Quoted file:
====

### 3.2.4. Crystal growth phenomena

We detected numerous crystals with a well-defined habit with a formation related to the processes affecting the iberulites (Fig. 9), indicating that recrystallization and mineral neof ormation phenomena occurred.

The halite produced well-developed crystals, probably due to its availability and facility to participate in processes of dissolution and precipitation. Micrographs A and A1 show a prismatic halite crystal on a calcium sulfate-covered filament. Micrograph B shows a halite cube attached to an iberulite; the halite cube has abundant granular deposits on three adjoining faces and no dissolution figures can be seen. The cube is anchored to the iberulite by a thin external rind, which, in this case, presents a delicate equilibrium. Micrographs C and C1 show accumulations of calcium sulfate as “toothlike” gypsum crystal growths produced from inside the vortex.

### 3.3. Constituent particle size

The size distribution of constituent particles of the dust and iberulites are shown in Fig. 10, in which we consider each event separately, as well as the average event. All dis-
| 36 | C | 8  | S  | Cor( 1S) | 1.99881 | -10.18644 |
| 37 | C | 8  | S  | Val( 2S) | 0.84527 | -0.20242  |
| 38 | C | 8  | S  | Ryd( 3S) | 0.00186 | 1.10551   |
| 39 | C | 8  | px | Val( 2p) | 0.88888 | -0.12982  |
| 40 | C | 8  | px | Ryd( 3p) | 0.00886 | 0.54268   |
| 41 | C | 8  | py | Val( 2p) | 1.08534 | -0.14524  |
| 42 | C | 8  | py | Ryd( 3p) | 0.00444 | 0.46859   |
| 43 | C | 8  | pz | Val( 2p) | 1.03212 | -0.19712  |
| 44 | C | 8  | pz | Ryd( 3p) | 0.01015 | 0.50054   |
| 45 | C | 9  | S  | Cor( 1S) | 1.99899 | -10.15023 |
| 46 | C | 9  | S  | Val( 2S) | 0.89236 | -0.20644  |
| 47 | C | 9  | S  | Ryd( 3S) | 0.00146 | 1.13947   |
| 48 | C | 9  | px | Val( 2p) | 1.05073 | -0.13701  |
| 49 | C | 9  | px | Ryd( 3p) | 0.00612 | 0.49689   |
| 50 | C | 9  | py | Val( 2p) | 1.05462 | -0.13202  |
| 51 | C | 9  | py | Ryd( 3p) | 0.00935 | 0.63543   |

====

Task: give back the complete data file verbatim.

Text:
### 3.2.4. Crystal growth phenomena

We detected numerous crystals with a well-defined habit with a formation related to the processes affecting the iberulites (Fig. 9), indicating that recrystallization and mineral neof ormation phenomena occurred.

The halite produced well-developed crystals, probably due to its availability and facility to participate in processes of dissolution and precipitation. Micrographs A and A1 show a prismatic halite crystal on a calcium sulfate-covered filament. Micrograph B shows a halite cube attached to an iberulite; the halite cube has abundant granular deposits on three adjoining faces and no dissolution figures can be seen. The cube is anchored to the iberulite by a thin external rind, which, in this case, presents a delicate equilibrium. Micrographs C and C1 show accumulations of calcium sulfate as “toothlike” gypsum crystal growths produced from inside the vortex.

### 3.3. Constituent particle size

The size distribution of constituent particles of the dust and iberulites are shown in Fig. 10, in which we consider each event separately, as well as the average event. All dis-
| 36 | C | 8  | S  | Cor( 1S) | 1.99881 | -10.18644 |
| 37 | C | 8  | S  | Val( 2S) | 0.84527 | -0.20242  |
| 38 | C | 8  | S  | Ryd( 3S) | 0.00186 | 1.10551   |
| 39 | C | 8  | px | Val( 2p) | 0.88888 | -0.12982  |
| 40 | C | 8  | px | Ryd( 3p) | 0.00886 | 0.54268   |
| 41 | C | 8  | py | Val( 2p) | 1.08534 | -0.14524  |
| 42 | C | 8  | py | Ryd( 3p) | 0.00444 | 0.46859   |
| 43 | C | 8  | pz | Val( 2p) | 1.03212 | -0.19712  |
| 44 | C | 8  | pz | Ryd( 3p) | 0.01015 | 0.50054   |
| 45 | C | 9  | S  | Cor( 1S) | 1.99899 | -10.15023 |
| 46 | C | 9  | S  | Val( 2S) | 0.89236 | -0.20644  |
| 47 | C | 9  | S  | Ryd( 3S) | 0.00146 | 1.13947   |
| 48 | C | 9  | px | Val( 2p) | 1.05073 | -0.13701  |
| 49 | C | 9  | px | Ryd( 3p) | 0.00612 | 0.49689   |
| 50 | C | 9  | py | Val( 2p) | 1.05462 | -0.13202  |
| 51 | C | 9  | py | Ryd( 3p) | 0.00935 | 0.63543   |